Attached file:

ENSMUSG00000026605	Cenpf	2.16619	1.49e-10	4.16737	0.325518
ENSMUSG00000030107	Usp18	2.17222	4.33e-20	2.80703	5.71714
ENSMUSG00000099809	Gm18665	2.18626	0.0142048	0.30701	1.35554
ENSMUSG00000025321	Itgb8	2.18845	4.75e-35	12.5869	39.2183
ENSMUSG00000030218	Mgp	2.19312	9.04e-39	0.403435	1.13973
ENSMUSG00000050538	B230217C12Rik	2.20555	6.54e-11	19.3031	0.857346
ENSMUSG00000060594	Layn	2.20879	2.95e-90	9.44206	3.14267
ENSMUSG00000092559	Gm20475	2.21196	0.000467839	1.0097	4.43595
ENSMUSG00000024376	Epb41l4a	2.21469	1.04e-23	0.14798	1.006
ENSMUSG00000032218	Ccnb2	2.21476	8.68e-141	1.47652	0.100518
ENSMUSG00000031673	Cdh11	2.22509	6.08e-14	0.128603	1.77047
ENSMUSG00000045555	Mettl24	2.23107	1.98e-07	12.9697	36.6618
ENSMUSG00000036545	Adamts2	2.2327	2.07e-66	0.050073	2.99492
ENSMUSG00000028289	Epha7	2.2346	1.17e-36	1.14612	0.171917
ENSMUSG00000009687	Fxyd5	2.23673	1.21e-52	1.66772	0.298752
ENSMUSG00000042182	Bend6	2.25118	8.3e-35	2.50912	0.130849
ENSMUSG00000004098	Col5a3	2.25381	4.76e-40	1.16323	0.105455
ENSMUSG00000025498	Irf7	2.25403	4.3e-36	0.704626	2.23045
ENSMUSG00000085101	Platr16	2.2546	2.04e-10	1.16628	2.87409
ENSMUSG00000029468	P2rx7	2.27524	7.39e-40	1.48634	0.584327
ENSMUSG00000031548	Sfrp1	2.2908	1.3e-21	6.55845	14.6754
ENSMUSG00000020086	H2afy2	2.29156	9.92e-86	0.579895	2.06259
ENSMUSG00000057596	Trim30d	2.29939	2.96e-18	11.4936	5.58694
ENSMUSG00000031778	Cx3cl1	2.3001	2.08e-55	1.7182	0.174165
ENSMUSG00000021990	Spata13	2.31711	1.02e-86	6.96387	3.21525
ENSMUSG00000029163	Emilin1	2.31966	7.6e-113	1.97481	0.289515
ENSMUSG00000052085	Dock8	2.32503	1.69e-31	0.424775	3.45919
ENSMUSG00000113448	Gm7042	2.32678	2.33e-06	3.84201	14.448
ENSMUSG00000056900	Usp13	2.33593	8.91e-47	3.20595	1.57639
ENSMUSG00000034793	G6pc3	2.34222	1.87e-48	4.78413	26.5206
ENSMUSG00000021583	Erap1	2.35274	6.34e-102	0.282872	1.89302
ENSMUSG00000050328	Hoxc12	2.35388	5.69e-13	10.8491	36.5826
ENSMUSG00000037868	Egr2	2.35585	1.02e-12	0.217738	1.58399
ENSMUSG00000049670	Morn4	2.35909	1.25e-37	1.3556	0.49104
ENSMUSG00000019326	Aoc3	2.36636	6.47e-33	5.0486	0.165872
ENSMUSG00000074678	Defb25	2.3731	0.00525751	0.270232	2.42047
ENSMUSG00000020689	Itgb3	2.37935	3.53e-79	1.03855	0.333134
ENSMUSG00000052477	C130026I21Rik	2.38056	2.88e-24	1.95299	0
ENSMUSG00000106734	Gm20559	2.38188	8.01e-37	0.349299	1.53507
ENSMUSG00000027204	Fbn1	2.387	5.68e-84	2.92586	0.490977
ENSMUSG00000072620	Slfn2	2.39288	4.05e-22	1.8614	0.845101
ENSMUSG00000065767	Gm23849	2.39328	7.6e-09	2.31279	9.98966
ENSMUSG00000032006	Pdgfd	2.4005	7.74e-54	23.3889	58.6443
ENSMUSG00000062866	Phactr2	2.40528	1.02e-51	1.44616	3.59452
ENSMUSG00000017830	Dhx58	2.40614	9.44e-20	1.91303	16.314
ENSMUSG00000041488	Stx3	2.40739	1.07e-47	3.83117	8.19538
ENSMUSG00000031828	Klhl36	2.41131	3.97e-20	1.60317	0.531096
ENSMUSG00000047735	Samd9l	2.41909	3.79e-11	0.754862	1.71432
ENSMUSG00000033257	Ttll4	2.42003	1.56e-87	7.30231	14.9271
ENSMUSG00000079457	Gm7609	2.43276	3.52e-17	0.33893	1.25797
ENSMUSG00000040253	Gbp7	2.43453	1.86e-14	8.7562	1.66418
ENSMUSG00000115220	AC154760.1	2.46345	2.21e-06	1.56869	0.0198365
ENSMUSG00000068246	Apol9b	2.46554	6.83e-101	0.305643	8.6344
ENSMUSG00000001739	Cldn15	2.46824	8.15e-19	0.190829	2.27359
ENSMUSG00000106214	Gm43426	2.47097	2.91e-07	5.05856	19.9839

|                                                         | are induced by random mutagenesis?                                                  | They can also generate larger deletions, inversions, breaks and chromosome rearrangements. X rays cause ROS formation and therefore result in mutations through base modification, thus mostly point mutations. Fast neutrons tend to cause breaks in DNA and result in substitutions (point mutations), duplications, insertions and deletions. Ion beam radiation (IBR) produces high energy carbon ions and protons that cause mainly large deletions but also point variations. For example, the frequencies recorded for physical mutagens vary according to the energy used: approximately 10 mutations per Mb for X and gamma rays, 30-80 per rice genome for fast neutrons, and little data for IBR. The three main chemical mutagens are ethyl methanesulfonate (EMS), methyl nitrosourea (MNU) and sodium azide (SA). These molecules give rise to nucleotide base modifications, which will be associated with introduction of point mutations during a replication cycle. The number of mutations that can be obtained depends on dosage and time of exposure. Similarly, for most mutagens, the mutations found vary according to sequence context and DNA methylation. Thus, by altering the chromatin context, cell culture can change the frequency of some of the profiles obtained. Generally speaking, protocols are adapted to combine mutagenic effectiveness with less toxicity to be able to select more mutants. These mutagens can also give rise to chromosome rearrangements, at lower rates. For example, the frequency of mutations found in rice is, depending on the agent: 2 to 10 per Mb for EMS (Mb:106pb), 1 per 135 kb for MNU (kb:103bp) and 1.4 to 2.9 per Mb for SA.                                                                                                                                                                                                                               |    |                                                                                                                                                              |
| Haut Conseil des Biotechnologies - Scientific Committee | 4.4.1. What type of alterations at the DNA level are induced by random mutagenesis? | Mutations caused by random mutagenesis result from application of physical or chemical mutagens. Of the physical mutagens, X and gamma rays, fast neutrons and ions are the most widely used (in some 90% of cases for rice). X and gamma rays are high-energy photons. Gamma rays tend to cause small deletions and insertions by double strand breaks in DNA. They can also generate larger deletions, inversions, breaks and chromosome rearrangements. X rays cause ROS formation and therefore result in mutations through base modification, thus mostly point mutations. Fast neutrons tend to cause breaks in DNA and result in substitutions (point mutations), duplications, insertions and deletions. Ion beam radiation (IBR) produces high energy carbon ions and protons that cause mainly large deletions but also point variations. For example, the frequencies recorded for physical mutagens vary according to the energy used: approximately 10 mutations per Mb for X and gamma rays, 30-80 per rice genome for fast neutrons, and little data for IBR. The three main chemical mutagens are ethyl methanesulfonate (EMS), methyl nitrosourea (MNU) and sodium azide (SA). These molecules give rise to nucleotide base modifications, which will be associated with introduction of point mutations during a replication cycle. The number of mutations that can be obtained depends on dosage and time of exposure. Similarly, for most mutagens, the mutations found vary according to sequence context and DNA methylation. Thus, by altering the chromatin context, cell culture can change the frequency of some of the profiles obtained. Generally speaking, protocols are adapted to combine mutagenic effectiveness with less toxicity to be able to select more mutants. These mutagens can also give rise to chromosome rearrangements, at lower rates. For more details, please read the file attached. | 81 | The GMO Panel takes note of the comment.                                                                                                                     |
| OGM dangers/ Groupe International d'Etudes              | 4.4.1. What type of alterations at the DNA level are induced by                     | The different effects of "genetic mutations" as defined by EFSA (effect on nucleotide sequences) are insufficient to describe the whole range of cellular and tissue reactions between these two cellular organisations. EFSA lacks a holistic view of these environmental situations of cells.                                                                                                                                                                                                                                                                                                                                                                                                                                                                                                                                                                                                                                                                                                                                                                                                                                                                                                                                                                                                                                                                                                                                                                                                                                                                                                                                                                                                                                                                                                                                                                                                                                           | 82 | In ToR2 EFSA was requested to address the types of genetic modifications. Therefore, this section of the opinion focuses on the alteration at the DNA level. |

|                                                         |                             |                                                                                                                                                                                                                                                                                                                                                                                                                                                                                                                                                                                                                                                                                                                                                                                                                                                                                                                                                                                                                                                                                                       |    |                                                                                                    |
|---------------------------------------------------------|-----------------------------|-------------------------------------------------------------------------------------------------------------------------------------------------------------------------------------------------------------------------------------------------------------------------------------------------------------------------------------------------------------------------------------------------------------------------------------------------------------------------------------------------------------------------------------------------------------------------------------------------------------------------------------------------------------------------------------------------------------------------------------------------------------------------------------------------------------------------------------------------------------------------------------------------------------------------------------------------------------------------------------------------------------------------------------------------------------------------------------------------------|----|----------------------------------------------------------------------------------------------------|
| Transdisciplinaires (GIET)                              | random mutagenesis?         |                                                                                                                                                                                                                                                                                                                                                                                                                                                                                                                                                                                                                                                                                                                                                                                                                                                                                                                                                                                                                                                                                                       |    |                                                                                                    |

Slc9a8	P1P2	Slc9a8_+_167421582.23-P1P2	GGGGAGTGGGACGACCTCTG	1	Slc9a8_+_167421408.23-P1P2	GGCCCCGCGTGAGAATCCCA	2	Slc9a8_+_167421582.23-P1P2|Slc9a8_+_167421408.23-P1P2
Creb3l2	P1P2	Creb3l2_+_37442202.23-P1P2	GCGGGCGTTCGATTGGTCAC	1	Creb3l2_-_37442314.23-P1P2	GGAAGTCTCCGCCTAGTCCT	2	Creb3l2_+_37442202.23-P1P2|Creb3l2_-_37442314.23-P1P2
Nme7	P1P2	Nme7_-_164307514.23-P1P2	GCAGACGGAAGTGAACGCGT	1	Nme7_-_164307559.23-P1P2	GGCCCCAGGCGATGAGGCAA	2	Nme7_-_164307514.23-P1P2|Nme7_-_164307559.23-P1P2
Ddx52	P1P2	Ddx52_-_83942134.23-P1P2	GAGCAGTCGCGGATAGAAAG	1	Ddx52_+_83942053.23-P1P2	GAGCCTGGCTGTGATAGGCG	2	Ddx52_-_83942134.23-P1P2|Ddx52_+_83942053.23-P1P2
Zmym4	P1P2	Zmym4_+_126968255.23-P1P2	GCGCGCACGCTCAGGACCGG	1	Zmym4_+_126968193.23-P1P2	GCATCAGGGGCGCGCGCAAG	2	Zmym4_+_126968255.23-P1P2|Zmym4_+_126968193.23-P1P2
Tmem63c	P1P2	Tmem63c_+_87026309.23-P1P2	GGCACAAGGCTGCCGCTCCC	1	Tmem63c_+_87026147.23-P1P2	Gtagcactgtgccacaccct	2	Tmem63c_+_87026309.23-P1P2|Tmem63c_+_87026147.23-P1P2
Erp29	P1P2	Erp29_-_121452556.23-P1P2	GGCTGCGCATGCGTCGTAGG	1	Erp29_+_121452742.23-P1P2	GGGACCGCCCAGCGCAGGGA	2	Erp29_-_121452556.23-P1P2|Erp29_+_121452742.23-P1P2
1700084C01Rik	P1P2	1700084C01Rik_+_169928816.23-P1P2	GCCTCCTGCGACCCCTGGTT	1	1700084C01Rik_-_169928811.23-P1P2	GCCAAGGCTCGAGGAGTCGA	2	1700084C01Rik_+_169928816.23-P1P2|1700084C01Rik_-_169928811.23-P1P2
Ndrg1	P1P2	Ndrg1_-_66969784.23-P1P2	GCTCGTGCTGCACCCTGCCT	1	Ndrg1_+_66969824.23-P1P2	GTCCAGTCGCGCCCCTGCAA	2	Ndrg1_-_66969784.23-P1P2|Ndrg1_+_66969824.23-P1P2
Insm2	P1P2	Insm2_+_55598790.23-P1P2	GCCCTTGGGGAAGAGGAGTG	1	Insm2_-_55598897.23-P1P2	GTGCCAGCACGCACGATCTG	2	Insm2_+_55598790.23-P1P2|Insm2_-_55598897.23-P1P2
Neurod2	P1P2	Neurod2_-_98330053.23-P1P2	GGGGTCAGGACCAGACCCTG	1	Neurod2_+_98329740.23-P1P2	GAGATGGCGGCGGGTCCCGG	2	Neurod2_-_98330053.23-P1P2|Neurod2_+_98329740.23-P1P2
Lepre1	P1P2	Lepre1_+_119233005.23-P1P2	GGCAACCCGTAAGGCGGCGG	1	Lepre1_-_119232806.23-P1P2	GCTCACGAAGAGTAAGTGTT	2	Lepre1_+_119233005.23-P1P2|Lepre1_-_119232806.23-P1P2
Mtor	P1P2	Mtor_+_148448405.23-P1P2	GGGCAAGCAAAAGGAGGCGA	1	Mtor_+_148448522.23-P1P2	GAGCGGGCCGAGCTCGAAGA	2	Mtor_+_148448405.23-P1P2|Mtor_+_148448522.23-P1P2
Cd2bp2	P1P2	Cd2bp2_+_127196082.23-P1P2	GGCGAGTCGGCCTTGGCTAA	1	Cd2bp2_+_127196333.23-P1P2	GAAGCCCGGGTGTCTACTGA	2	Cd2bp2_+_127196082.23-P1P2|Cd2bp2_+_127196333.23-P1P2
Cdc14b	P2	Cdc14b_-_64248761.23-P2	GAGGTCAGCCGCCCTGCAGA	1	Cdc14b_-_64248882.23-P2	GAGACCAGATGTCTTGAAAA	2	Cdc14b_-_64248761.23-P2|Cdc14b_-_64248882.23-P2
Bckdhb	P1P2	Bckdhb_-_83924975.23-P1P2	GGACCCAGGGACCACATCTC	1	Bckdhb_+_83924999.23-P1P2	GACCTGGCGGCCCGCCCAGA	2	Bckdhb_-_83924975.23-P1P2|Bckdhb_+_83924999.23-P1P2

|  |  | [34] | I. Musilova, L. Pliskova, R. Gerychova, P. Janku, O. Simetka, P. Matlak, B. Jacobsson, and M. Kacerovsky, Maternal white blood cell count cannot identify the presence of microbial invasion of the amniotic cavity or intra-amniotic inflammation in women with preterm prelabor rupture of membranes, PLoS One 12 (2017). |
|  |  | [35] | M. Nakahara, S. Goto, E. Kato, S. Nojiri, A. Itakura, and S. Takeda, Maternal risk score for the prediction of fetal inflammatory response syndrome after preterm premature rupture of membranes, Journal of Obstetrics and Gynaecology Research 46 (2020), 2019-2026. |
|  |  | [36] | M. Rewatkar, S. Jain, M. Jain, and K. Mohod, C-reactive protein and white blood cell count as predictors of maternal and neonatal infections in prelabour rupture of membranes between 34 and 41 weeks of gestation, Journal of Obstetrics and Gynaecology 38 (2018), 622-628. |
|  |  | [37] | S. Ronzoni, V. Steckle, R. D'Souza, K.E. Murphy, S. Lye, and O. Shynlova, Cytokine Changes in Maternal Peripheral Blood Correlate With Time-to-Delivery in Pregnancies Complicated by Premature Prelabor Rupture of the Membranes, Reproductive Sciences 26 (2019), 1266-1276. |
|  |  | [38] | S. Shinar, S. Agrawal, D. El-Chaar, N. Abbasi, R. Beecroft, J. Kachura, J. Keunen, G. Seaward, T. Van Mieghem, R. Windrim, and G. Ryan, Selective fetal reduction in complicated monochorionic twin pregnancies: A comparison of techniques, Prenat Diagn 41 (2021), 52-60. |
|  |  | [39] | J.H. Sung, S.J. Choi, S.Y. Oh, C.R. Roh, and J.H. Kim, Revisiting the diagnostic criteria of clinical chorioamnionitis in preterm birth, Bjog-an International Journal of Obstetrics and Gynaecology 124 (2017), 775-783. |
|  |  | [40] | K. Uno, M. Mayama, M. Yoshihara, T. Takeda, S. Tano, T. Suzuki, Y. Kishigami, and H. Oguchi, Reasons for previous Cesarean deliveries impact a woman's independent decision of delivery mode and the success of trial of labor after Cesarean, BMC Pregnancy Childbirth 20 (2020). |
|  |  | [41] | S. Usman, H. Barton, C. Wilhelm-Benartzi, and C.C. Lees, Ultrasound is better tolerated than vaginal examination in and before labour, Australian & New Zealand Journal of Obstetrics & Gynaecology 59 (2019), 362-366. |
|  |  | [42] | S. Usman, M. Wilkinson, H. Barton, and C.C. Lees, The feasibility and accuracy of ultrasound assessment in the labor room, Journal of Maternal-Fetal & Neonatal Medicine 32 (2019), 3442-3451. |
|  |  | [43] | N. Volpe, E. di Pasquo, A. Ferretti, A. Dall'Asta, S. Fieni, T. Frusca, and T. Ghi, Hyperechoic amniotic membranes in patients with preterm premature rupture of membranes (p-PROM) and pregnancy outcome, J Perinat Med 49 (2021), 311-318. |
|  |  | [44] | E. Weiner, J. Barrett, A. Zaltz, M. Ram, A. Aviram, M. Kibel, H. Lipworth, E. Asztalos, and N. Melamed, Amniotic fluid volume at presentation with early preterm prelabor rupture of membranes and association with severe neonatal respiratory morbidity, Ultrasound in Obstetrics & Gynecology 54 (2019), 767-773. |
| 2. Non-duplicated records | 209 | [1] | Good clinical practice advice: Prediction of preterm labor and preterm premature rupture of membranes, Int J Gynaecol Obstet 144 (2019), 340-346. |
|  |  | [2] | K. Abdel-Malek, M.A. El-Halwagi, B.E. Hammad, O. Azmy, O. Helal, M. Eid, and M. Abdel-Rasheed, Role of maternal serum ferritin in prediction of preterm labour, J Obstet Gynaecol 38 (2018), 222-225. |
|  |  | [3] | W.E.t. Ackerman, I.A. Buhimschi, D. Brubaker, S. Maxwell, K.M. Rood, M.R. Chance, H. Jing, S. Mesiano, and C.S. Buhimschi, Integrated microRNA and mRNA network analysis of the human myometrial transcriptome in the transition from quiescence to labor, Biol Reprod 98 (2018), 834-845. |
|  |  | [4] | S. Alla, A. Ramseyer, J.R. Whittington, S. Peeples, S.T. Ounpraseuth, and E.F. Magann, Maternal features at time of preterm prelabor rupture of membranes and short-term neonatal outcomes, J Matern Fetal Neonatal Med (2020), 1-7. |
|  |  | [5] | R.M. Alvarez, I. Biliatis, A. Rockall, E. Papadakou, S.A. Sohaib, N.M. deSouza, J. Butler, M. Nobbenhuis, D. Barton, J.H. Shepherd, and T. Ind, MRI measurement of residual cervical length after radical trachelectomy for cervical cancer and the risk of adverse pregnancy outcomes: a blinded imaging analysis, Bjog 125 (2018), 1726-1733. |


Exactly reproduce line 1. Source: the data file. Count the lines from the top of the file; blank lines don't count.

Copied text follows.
ENSMUSG00000026605	Cenpf	2.16619	1.49e-10	4.16737	0.325518